Perhaps using a random sleep period when signing transactions would protect against the attack and may allow for better optimisation. I found this but it isn't too keen on the random time delays: http://www.cryptography.com/public/pdf/TimingAttacks.pdf The blind signature technique wouldn't be applicable (unless I don't know something). Does anyone have any thoughts on this?

The problem with random sleep periods is that you can still determine the underlying time taken through simple statistical averaging in many circumstances. Possible a better solution would be to start a timer at the beginning of any cryptographic operation, and then once the operation finishes wait until a fixed maximum-time has elapsed. That way every operation takes the same amount of time. Adding a further random delay on top of this fixed delay wouldn't be a bad idea either, to help mask any residual leakage. (for instance, suppose that the time measurement turns out to be flawed, and there is still a remainder which it does not detect)

If the attacker can also determine what the power consumption of your hardware wallet you have to hide that as well. Unfortunately in the case of a USB-powered wallet this is actually a realistic attack as some motherboards can measure how much power a USB device is actually consuming. To protect against this, the "makeup" time period should do something cpu-intensive as well, perhaps an additional, randomly chosen, cryptographic operation. (don't pick the same operation, with the same keys, in case there turns out to be a key-dependent power consumption)

Finally, at the hardware level you can choose a power supply with a fixed current consumption on the input. A zener diode and resistor voltage regulator, operated correctly, has a nearly zero change in input current for a change in output current and you can do even better with something more sophisticated.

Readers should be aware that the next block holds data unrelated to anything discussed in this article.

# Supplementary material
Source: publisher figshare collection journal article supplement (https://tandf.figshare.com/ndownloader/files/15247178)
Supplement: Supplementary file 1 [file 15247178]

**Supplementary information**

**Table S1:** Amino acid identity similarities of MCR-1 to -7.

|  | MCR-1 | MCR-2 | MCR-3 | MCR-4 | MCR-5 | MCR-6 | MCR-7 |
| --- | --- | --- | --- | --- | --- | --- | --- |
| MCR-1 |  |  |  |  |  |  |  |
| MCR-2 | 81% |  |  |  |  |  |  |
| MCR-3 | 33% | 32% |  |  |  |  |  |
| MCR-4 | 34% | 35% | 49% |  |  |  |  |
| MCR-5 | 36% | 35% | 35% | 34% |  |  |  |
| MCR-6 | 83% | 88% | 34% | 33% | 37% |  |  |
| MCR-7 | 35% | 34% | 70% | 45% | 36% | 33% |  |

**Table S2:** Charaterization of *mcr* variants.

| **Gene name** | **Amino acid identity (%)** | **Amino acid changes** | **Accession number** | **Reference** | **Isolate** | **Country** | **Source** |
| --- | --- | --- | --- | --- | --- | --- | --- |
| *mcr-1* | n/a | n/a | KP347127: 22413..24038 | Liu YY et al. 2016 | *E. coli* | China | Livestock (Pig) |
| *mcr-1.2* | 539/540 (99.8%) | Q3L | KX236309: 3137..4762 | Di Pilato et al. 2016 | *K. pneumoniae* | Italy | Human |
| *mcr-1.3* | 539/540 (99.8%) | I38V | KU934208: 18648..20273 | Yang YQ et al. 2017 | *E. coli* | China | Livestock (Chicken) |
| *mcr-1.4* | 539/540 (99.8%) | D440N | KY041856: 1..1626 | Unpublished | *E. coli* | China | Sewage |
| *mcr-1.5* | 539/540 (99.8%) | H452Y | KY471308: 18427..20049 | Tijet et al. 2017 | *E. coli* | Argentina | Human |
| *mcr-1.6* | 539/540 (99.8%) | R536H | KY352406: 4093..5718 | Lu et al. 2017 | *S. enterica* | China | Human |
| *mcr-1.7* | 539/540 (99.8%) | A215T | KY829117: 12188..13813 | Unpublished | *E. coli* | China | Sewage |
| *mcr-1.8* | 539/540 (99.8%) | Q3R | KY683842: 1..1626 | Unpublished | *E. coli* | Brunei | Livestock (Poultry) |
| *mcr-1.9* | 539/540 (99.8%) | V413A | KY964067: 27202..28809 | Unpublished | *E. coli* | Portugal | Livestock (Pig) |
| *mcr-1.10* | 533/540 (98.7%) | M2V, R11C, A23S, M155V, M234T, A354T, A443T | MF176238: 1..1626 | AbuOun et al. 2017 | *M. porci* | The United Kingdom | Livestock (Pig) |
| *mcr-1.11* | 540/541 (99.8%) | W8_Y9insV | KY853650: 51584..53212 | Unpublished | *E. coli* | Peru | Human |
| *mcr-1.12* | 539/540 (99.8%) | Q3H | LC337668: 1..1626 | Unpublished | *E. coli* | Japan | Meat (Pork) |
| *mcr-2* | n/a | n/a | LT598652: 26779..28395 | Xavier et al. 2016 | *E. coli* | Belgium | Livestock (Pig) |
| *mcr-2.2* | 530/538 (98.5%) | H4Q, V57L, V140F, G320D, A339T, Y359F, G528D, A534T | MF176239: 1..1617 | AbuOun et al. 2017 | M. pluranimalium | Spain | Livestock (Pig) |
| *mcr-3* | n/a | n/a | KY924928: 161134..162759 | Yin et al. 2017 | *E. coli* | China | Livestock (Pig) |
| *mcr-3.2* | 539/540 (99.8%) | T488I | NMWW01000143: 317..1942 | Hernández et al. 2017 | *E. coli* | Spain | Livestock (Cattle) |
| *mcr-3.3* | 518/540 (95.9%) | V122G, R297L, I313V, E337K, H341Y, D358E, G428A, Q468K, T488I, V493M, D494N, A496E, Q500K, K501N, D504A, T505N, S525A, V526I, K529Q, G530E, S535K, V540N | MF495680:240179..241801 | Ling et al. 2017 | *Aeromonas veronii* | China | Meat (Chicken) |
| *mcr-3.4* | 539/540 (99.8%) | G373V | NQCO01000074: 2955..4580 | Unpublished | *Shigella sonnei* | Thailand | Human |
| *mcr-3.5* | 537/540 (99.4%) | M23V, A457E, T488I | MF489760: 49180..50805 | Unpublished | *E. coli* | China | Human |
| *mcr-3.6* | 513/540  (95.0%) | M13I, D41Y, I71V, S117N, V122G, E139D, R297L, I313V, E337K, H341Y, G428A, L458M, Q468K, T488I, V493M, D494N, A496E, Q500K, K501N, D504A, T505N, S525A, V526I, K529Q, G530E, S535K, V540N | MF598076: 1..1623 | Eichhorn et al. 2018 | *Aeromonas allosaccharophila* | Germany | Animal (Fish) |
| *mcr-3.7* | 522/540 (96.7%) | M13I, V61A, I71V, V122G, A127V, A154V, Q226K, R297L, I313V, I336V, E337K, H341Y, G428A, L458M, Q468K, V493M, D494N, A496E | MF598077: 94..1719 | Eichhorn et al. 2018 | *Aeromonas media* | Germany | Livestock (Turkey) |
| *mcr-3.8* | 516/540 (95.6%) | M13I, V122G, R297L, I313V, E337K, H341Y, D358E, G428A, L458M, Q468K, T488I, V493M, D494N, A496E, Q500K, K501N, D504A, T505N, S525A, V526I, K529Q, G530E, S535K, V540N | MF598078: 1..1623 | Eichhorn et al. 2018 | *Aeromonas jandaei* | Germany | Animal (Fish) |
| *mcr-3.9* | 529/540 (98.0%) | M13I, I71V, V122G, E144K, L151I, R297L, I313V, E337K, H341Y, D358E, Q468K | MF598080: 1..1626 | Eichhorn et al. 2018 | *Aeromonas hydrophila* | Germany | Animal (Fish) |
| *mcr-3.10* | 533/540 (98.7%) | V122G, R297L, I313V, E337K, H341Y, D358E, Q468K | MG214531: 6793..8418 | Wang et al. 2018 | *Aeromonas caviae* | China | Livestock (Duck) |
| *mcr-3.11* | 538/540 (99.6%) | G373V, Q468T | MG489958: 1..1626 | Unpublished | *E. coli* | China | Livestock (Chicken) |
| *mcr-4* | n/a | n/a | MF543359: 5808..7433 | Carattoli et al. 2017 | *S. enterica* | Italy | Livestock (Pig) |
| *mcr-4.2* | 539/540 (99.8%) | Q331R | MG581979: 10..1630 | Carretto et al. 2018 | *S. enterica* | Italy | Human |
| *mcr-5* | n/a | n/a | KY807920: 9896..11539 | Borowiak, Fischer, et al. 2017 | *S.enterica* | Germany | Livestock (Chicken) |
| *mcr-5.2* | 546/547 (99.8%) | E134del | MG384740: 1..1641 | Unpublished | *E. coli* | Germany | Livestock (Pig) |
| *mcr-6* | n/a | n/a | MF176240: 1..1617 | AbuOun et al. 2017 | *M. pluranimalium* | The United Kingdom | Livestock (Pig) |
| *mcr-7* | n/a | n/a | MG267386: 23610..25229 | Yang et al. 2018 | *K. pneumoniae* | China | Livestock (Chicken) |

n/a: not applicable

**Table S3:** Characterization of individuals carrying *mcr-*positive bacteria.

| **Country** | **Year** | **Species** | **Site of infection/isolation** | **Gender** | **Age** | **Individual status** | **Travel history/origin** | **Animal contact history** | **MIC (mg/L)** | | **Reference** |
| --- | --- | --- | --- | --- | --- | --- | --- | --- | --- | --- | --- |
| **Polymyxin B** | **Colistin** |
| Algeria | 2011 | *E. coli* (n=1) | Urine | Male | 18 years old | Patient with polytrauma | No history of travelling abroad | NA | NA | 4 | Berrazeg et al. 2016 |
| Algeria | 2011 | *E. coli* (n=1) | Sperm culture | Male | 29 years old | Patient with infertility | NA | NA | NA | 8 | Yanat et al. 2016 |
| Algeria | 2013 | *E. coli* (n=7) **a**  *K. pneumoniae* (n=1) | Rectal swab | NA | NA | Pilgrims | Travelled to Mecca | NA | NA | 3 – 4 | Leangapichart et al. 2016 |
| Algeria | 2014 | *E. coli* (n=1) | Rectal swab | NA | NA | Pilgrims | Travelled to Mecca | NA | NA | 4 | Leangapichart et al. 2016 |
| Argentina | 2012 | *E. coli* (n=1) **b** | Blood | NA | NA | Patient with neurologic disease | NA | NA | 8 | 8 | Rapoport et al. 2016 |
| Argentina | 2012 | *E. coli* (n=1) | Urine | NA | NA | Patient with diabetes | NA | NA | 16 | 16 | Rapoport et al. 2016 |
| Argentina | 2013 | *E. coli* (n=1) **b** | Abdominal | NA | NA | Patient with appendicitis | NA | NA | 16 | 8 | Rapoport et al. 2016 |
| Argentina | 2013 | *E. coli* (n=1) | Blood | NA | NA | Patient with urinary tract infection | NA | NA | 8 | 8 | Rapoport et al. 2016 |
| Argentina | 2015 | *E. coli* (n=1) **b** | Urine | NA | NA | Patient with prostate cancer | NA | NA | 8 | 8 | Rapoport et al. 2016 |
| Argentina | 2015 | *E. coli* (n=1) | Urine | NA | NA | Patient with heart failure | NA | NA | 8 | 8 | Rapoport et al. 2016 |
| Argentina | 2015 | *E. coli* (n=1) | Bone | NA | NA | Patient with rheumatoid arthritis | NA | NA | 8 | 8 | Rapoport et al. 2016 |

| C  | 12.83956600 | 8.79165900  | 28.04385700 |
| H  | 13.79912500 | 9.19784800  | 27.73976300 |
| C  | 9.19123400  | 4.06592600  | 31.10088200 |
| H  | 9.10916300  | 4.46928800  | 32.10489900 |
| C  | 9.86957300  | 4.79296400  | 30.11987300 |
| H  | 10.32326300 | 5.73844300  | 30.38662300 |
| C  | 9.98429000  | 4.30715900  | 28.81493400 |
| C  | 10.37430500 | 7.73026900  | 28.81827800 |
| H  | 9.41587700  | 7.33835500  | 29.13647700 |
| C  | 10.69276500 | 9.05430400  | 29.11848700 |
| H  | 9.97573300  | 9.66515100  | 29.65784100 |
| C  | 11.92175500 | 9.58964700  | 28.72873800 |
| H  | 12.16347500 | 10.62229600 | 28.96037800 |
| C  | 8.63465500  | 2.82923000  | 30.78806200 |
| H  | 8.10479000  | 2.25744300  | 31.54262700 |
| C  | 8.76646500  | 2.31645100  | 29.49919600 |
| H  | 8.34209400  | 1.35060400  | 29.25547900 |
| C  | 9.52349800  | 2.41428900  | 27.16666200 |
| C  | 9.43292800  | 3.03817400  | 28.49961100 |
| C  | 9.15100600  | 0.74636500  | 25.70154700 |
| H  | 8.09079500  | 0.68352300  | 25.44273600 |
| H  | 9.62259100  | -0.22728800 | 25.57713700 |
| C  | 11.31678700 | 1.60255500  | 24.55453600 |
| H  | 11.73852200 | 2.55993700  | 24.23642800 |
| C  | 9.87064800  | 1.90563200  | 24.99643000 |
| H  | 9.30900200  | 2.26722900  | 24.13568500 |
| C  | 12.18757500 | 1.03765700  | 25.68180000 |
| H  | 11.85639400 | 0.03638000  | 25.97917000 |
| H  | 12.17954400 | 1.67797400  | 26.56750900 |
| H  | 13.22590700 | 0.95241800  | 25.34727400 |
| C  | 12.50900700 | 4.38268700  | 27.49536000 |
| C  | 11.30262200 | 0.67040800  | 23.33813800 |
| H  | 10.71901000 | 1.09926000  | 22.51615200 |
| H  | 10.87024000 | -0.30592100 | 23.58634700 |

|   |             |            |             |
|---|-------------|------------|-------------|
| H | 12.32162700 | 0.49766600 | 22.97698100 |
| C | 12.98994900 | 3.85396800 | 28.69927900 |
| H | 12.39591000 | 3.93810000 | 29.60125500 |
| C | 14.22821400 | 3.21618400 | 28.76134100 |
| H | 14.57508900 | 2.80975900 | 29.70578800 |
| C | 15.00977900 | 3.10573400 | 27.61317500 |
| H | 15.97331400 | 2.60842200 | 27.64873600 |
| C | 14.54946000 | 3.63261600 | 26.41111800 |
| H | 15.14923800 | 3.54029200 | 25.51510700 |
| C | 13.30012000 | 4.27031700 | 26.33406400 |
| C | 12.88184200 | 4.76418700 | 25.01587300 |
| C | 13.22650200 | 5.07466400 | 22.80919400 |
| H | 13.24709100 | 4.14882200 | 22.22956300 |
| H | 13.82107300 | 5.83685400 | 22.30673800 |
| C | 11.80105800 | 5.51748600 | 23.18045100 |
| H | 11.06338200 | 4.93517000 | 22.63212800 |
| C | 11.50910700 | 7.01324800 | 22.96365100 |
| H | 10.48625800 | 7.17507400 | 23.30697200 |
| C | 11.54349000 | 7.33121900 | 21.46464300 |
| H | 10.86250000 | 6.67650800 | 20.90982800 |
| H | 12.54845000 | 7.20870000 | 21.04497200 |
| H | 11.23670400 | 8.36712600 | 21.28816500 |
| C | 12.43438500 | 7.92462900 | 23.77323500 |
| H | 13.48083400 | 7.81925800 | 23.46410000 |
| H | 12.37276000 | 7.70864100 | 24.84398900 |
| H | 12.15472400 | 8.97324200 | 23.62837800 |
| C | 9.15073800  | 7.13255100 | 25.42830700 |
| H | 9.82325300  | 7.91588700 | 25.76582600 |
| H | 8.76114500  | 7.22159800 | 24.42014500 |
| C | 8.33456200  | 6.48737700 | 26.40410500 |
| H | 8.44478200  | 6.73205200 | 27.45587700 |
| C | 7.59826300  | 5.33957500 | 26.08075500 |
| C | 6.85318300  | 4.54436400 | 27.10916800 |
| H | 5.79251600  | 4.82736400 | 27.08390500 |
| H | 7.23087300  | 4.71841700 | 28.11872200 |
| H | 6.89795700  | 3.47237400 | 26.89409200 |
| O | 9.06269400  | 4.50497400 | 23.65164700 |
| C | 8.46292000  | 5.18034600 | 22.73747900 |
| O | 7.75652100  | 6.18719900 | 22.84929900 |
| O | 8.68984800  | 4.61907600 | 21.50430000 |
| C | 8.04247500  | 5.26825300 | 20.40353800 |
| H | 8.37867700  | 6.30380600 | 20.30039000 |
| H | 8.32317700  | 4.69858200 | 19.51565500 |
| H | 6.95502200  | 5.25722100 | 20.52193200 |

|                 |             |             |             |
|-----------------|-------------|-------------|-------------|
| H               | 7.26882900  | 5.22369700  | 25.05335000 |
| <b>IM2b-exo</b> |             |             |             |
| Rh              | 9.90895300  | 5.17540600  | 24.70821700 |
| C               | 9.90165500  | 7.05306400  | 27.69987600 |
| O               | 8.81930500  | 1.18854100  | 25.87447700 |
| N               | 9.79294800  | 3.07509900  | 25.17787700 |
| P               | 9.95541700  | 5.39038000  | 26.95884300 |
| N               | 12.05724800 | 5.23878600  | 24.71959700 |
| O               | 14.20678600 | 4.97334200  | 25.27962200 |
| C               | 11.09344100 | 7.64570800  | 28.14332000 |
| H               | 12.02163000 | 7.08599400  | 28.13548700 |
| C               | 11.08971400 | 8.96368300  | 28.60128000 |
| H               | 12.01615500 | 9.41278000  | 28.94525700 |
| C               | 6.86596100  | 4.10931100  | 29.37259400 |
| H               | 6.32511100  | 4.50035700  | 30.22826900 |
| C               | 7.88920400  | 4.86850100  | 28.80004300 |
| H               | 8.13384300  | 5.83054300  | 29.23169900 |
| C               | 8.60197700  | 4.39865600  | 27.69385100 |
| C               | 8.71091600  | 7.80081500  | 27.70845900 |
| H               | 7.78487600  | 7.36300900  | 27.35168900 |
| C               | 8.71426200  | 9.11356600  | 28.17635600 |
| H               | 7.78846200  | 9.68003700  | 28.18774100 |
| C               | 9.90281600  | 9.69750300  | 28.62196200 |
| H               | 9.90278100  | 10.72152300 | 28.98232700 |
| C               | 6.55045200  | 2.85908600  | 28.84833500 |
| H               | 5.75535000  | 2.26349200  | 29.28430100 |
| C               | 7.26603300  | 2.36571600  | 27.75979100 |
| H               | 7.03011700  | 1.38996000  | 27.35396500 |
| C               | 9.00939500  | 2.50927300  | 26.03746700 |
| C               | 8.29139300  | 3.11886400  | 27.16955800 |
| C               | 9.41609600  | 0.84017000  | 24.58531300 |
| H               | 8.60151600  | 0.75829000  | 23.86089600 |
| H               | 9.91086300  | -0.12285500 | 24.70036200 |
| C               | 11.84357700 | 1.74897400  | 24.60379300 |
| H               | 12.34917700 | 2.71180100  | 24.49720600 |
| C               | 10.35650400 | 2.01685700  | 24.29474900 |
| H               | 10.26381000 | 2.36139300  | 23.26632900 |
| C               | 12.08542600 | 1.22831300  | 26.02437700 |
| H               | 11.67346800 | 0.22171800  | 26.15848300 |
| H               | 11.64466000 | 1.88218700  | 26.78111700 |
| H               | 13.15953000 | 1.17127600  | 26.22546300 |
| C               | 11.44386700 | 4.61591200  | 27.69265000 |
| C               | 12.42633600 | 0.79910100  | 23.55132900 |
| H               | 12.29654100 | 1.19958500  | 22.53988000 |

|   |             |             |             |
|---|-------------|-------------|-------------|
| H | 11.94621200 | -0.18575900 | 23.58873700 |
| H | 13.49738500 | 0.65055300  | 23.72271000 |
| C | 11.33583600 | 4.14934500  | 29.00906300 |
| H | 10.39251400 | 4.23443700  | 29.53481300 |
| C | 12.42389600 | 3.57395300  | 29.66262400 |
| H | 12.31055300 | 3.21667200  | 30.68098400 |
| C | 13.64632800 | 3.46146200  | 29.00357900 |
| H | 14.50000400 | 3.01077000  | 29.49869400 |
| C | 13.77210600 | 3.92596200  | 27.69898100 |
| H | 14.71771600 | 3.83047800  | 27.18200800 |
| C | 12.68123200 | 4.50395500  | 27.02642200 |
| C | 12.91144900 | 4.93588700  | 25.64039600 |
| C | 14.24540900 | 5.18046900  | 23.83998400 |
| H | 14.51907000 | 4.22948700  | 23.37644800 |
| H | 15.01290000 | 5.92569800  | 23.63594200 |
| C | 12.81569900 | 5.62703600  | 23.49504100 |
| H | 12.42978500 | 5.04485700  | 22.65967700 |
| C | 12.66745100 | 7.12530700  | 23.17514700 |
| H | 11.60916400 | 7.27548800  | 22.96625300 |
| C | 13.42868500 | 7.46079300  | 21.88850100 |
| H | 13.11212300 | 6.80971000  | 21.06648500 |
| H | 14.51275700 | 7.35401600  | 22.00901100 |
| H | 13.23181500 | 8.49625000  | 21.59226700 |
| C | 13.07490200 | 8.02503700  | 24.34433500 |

For the OP: I'm an electronics designer and I'd be interested in working further on the hardware design.


Title: Re: Hardware Bitcoin wallet - a minimal Bitcoin wallet for embedded devices
Post by: MatthewLM on May 05, 2012, 04:51:27 PM
Thanks retep. I was thinking the same thing: Instead of a random delay, you could profile the algorithms to estimate the longest time and add a delay up until this time each time the algorithms are run. An additional random delay would be good also. As for the power problem, wouldn't it be best to focus on the hardware to mask this? With the algorithms there may be detectable power variations for the actual different operations computed right?


Title: Re: Hardware Bitcoin wallet - a minimal Bitcoin wallet for embedded devices
Post by: EhVedadoOAnonimato on May 05, 2012, 06:10:11 PM
But before using any sort of embedded device to generate keys, I'd want some confidence in its random number generator.

Good point to remember.
As suggested here (https://bitcointalk.org/index.php?topic=77930.msg869281#msg869281), the device could have an embedded AM antenna and use the background noise as entropy source.


Title: Re: Hardware Bitcoin wallet - a minimal Bitcoin wallet for embedded devices
Post by: Peter Todd on May 05, 2012, 07:57:36 PM
Thanks retep. I was thinking the same thing: Instead of a random delay, you could profile the algorithms to estimate the longest time and add a delay up until this time each time the algorithms are run. An additional random delay would be good also. As for the power problem, wouldn't it be best to focus on the hardware to mask this? With the algorithms there may be detectable power variations for the actual different operations computed right?

It depends on who the attacker is. If you assume they have access to your computer, as is the case with a virus, you're job is a lot easier and hardware or software solutions to keep the power draw constant are fine. However, if you are trying to defeat an attacker who has the actual device, then a hardware solution is trivial to attack by just taking the device apart. At that point though, there are a *lot* of possible attacks which this design can't prevent anyway.

I'd argue for fixing the problem in software first, and then once you've done that, determine if a cheap hardware fix is possible too. Having said that, a USB powered device with this fix is pretty easy to make as USB provides +5V and most uC's will run on 3.3V. If one of the easy-to-use FTDI FT-X chips is used for the uC<->USB communication we have no issue as well, as those chips have 3.3V-tolerant IO. The only issue left is the LCD screen, most of them run off of 5V. Still, simple level translation isn't hard and won't add much cost.

BTW, for the non-electrical engineers out there, this is how the zener-regulator works, and why it makes the current constant: